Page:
Maintaining Permanent Residency When Faced With a Departure Order
In order to maintain a permanent residency in Canada, residents must be physically present in Canada for at least 730 days (2 years) in every 5-year period. The 5-year period is assessed by Immigration, Refugees and Citizenship Canada (“IRCC”) on a rolling basis. If a resident is outside of Canada for extended periods of time, the resident must prove to IRCC that they are able to meet the residency requirements, which allow some days outside of Canada to count towards the 730 day requirement. For example, Section 28(2)(a)(iii) of the Immigration and Refugee Protection Act (the “Act”), allows for days spent outside of Canada to count towards the residency requirement if the resident is employed on a full-time basis by a Canadian business and is assigned to a position outside of Canada. If an immigration officer determines that a resident has not complied with the residency obligations, the officer may issue a departure order requiring that person to leave Canada.
In a recent Immigration Appeals Division hearing, Field Law’s Business Immigration Group successfully appealed a departure order issued against a permanent resident who was employed outside of Canada by a Canadian company.
In this hearing, the Appellant came to Canada in 1997 under the live-in Caregiver stream. The family she worked for also had a family-owned and operated business with offices in Canada and abroad. The Appellant obtained Canadian permanent residence in 2000 and continued to work as a caregiver until 2007. At this point, the children she had originally cared for were grown and she was transitioned to a role as a personal assistant for the CEO of the Corporation. There was no formal employment contract governing this transition.
In her new role, the Appellant spent the majority of her time assigned outside of Canada as an employee for the Canadian Company. Upon returning from one of her assignments she was issued a departure order for non-compliance under Section 28 of the Act for failing to meet the residency requirement. The Appellant appealed the departure order to the IRCC Immigration Appeal Division (the “Appeal Division”).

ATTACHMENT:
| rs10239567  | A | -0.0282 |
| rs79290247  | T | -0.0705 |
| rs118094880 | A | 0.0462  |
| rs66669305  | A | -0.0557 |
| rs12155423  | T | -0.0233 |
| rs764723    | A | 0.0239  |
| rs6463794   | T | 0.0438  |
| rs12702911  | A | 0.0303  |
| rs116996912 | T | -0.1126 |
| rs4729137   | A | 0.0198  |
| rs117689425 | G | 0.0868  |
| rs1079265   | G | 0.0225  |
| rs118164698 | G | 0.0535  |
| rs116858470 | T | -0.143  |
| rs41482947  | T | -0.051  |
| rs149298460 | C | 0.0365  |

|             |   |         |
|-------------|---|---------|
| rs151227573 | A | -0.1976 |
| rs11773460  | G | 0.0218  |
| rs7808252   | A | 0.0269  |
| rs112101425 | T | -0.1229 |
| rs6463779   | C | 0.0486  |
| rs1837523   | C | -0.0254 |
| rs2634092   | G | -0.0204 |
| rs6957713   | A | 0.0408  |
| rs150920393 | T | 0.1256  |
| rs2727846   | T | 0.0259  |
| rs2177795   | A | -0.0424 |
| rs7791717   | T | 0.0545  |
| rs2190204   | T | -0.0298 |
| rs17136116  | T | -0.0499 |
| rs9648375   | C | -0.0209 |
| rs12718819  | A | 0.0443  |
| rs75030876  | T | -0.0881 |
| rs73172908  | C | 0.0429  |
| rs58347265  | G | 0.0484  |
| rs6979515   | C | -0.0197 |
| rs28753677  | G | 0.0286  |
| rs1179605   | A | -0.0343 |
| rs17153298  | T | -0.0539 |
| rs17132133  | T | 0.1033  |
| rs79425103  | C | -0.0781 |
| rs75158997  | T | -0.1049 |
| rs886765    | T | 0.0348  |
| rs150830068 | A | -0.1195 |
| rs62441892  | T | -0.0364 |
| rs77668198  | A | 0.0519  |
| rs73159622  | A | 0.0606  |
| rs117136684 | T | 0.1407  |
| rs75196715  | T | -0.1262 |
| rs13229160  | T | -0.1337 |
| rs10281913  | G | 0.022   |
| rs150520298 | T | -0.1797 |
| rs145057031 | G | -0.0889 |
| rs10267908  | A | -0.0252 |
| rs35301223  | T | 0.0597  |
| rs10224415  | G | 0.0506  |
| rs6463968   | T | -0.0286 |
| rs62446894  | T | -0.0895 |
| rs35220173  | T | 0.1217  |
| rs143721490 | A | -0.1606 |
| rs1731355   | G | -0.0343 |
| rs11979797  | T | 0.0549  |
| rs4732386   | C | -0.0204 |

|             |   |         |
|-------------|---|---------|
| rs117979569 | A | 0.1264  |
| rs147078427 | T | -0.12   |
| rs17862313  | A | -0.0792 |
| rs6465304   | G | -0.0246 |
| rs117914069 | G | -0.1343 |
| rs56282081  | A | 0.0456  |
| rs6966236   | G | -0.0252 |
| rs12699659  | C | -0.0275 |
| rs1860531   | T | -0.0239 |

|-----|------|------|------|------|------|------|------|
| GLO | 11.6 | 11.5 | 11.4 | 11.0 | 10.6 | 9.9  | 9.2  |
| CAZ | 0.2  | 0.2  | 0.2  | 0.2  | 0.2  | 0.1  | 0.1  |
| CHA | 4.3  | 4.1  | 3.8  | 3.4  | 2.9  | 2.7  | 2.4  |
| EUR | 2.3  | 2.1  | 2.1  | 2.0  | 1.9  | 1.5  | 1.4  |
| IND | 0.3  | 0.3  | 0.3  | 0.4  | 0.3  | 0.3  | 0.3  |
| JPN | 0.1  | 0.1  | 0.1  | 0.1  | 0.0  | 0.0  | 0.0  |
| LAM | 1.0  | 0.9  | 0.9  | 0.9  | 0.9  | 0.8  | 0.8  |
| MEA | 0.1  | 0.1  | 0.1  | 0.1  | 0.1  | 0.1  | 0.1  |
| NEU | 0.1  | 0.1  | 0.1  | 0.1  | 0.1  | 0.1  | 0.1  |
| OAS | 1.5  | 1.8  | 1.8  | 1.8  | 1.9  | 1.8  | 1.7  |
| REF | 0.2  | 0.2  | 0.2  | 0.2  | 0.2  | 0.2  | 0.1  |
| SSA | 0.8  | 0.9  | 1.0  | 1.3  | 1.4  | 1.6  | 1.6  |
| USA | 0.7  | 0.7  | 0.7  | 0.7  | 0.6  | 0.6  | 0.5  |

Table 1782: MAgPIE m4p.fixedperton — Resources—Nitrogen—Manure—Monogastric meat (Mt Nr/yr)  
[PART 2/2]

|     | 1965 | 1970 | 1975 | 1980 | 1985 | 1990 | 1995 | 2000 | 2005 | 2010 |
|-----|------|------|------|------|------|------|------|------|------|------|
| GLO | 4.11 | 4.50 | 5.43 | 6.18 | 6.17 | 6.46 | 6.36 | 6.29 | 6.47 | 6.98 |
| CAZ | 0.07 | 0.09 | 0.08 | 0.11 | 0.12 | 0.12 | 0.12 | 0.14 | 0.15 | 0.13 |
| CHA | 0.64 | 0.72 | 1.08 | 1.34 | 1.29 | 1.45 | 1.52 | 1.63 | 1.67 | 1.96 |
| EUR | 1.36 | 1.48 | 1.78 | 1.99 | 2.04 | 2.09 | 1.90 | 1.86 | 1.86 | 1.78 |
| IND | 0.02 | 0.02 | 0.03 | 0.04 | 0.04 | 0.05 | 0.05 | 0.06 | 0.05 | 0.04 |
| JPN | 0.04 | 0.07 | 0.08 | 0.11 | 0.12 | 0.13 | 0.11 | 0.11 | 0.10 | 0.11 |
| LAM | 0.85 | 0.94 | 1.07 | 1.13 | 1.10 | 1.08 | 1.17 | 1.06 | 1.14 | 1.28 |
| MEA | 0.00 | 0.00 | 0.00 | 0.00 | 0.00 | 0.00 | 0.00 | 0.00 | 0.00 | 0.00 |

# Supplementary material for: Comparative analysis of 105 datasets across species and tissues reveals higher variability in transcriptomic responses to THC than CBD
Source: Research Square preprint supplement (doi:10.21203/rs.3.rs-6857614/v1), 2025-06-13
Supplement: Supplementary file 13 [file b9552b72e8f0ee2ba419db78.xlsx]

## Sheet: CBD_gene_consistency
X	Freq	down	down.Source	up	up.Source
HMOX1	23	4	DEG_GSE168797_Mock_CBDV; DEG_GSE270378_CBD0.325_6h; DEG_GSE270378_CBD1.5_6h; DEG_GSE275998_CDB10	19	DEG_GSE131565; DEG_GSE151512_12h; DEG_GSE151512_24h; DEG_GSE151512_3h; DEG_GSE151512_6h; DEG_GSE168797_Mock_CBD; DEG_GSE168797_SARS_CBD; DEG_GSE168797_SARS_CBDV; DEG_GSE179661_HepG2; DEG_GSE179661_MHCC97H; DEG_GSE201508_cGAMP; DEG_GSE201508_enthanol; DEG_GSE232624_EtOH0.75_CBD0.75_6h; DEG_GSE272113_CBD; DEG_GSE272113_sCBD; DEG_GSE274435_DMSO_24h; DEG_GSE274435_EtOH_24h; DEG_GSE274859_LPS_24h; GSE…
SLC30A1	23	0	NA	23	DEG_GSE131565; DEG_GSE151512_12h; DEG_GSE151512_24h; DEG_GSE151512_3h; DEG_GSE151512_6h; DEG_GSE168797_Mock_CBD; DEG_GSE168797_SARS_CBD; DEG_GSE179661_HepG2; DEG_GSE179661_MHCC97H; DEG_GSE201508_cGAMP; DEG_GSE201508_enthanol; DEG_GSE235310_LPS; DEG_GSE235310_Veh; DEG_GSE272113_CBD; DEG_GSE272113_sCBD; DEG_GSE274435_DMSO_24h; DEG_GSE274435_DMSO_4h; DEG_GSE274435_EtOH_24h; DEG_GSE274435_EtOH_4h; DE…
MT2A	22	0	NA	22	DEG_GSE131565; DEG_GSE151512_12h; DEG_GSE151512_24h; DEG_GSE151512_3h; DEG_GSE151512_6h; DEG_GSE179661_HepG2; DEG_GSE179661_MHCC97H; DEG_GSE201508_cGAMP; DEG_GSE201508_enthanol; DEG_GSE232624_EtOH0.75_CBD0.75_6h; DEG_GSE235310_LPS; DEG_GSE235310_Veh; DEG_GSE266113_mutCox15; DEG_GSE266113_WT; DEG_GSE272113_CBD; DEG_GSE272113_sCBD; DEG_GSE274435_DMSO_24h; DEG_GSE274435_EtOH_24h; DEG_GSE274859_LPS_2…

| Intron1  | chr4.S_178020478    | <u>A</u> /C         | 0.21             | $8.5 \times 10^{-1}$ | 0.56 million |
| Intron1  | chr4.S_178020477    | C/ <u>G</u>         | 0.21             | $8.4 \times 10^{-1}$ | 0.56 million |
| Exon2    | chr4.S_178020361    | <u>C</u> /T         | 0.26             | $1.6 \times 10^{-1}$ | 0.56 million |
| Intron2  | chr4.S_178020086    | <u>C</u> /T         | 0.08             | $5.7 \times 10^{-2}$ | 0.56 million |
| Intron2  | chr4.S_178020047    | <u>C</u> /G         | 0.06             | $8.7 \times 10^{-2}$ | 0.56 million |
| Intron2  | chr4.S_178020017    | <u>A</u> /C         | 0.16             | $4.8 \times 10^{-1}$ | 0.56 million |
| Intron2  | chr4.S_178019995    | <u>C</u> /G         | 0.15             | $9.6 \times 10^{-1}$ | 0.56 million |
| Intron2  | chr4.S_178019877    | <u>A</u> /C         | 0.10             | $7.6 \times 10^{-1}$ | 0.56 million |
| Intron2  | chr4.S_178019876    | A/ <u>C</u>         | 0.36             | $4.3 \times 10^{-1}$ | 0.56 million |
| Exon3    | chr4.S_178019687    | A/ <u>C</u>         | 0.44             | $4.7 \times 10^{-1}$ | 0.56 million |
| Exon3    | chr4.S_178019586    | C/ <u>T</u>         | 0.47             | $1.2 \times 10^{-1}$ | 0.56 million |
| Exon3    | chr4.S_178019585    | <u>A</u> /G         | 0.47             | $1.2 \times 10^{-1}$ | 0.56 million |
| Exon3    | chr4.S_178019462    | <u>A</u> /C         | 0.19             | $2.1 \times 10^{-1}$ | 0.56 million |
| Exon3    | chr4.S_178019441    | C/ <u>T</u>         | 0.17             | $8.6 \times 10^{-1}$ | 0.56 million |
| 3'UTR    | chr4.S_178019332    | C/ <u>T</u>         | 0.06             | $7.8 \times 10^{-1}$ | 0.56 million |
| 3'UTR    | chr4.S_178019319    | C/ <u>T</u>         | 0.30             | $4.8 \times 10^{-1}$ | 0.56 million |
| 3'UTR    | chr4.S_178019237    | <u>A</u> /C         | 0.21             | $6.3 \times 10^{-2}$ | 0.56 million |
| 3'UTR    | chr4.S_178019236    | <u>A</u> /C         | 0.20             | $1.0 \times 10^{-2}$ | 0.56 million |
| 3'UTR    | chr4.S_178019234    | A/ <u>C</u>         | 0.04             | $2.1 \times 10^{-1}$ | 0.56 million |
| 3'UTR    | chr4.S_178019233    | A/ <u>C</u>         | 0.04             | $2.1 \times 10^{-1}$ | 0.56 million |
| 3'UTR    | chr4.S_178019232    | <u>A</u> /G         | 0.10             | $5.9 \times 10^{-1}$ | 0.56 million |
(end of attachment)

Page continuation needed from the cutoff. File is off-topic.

Field Law represented the Appellant in her appeal. In a written decision issued on August 25, 2017, the Appeal Division held that finding the Appellant inadmissible under Section 28 of the Act was incorrect at law. The Appellant’s T-4 and Notice of Assessment forms stated that she was employed by the Corporation rather than the family since at least 2010. The change in the Appellant’s employer and the lack of a formal employment contract worked to the benefit of the Corporation rather than the Appellant. There was no evidence that the Appellant’s employment with the Corporation in the United States was arranged to help her remain outside of Canada. The Appellant had no reason to go to the United States other than for work. The Appellant had no connections to the United States and maintained significant connections in Alberta while she was working abroad. The Appellant resumed working with the Corporation when she returned to Alberta in 2015. These factors all contributed to the Appeal Division’s finding that the Appellant was properly working for a “Canadian business” as defined by Section 61(1) of the Immigration and Refugee Protection Regulations. As such, the Appellant was given sufficient credit for being employed by the Corporation in the United States to satisfy the residency obligations required by the Act.
This case underscores the importance of being represented by competent counsel when dealing with Immigration, Refugees and Citizenship Canada. If you have questions about your rights under Canadian Immigration or Citizenship legislation or require legal representation for a hearing or appeal, Field Law’s Immigration Group can assist with a broad range of complex immigration issues.